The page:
Mosharraf Zaidi, chief executive of Tabadlab, a think tank based in Islamabad, said CPEC has also had a profound impact on urban and highway transport, and helped in the construction of numerous roads connecting villages ... Islamabad is alarmed by the costliness of Chinese projects.
Under the transit trade, Islamabad does not allow transportation of goods from India through trucks from the Wagah. "On the basis of a special case as Afghanistan is facing a crisis-like situation, Islamabad ...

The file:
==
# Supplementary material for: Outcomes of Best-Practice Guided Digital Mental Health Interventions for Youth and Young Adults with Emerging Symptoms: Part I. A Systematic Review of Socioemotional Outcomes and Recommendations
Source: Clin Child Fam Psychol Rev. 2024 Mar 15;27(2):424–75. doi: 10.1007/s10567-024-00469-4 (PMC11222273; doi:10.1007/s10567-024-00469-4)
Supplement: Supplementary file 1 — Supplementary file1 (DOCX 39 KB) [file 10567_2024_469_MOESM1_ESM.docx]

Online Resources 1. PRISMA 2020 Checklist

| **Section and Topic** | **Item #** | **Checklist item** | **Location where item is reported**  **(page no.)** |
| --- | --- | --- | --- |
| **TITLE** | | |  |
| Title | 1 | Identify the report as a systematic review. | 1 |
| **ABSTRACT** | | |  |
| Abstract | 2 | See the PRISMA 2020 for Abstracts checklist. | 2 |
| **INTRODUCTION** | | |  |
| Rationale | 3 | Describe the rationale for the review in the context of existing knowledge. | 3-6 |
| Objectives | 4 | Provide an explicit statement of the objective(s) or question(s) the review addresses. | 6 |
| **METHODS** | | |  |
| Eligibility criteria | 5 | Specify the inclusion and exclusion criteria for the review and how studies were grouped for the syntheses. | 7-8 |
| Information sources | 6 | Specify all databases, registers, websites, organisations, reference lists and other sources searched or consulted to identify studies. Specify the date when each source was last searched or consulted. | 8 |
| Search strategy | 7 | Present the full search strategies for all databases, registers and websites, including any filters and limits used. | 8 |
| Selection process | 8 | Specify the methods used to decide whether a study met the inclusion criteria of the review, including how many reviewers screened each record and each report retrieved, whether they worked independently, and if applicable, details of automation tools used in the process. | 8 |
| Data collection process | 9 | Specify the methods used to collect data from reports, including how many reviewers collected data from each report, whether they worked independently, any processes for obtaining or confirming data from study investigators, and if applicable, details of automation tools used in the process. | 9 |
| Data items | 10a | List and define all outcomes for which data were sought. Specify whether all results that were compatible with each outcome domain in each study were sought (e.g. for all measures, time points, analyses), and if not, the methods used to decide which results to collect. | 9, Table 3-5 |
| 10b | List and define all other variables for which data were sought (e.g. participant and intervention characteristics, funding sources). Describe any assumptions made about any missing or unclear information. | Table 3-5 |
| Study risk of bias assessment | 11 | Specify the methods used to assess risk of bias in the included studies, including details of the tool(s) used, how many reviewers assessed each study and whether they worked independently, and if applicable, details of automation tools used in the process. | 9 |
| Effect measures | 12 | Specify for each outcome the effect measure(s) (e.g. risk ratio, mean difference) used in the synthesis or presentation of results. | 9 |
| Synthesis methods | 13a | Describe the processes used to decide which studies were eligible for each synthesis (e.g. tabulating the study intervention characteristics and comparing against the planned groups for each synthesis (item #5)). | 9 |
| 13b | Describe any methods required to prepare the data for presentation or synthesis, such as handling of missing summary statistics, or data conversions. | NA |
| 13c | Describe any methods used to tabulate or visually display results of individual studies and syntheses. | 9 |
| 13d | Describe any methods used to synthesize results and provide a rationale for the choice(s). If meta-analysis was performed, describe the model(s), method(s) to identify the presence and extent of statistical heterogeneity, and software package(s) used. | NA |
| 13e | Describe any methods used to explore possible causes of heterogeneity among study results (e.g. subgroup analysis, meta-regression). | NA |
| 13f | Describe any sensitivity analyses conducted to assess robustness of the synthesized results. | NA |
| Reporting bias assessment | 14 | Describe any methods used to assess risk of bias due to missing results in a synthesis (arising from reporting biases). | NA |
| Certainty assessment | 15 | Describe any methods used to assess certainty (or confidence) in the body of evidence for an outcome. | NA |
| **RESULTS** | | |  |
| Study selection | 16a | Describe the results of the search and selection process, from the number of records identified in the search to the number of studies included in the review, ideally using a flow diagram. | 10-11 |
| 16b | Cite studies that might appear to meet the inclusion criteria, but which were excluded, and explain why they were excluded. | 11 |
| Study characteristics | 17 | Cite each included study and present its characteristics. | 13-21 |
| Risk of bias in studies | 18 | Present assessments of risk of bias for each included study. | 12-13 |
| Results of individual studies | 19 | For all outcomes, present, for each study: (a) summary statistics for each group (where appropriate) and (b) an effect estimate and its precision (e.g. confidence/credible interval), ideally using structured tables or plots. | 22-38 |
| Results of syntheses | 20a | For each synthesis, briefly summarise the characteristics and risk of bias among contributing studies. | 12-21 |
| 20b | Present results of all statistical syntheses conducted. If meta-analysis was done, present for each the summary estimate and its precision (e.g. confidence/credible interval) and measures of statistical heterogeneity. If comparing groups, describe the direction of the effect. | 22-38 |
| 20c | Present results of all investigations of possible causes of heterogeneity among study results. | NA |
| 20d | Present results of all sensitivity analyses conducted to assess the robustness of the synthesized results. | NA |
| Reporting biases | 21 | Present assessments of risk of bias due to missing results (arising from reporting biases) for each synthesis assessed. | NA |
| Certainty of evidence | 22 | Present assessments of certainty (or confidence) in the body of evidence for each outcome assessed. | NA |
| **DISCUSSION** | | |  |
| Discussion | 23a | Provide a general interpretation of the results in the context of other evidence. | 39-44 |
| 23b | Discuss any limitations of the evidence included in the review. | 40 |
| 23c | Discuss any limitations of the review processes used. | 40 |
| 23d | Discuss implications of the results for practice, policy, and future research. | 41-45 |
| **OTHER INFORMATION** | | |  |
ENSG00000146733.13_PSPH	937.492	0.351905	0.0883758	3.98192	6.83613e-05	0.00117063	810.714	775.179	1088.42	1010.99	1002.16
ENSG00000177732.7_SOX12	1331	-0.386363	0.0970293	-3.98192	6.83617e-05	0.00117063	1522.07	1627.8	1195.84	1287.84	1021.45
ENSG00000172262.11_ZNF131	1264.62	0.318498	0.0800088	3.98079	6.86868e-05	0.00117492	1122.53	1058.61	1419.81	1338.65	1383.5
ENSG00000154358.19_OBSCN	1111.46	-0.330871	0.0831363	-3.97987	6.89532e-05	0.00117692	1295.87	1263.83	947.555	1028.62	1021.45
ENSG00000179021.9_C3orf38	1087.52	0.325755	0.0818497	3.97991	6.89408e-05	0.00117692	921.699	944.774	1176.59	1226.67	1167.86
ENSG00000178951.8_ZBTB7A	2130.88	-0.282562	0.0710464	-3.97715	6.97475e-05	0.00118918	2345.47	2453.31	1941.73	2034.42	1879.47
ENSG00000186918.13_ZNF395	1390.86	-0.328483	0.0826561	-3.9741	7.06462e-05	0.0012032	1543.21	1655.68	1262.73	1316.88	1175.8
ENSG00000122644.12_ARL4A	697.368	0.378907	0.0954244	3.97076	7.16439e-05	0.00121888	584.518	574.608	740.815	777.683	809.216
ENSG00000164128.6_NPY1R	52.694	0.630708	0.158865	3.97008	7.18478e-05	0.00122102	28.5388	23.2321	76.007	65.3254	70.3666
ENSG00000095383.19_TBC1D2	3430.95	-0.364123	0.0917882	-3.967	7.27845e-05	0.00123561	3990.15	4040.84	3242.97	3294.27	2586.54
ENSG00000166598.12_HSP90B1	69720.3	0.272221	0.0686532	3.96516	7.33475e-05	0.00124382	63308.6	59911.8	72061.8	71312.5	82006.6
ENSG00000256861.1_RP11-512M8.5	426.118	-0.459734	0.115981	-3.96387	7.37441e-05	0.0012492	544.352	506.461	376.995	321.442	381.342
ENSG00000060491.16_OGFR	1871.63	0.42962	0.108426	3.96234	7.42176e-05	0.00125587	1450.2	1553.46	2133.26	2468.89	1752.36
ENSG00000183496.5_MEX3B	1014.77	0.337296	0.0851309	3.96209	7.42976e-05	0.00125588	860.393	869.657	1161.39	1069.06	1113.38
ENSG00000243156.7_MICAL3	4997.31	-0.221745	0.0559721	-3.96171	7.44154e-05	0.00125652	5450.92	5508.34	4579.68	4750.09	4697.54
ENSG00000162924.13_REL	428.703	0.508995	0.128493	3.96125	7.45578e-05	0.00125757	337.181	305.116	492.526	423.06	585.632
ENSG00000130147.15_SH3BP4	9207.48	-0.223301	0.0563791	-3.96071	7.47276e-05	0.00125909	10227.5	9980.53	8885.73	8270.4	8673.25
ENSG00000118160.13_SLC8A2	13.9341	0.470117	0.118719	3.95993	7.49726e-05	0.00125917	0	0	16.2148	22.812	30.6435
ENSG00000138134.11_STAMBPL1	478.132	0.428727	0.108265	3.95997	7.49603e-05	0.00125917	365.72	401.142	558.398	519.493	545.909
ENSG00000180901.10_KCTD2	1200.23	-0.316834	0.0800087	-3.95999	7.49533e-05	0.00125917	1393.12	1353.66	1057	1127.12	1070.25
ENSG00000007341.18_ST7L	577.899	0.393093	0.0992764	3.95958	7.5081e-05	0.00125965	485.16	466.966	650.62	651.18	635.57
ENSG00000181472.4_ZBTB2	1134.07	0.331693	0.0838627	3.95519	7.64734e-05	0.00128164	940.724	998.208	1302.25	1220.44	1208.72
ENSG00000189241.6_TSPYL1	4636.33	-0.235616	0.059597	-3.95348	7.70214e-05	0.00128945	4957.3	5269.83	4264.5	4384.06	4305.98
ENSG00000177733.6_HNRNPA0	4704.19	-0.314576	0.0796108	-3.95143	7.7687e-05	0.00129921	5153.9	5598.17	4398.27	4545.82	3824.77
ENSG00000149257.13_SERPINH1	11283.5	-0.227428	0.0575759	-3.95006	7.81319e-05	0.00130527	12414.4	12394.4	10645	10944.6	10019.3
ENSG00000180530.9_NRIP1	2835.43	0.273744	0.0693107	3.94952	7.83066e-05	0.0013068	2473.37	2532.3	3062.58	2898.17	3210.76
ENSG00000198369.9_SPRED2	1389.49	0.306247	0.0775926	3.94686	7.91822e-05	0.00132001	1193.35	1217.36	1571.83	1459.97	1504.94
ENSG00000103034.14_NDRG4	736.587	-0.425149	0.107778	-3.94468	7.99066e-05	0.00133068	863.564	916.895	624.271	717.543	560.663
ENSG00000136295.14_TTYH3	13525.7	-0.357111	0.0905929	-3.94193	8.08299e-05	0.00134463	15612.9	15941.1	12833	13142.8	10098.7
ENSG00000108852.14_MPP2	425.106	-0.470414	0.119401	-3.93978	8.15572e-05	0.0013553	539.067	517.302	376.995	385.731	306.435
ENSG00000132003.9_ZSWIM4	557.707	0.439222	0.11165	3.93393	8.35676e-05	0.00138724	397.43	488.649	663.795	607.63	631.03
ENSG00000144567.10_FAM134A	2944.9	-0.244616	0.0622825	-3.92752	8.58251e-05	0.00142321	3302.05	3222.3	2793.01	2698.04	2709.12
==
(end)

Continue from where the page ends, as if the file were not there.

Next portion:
The minister further stated that education, health, transport, tourism and water supply and sewerage departments would work under the mayor in Islamabad...Umar said that the PTI-led government will resolve Karachi's transport issues as he announced that PM Imran Khan will inaugurate the project in Karachi in two weeks.
The Turkmen president underlined that energy and transportation play a decisive role in global economic growth ... Welcoming the activation of the Islamabad-Tehran-Istanbul corridor, Alvi said ECO members should robustly develop their transportation corridors in accordance with the TransitTransportFramework Agreement (TTFA).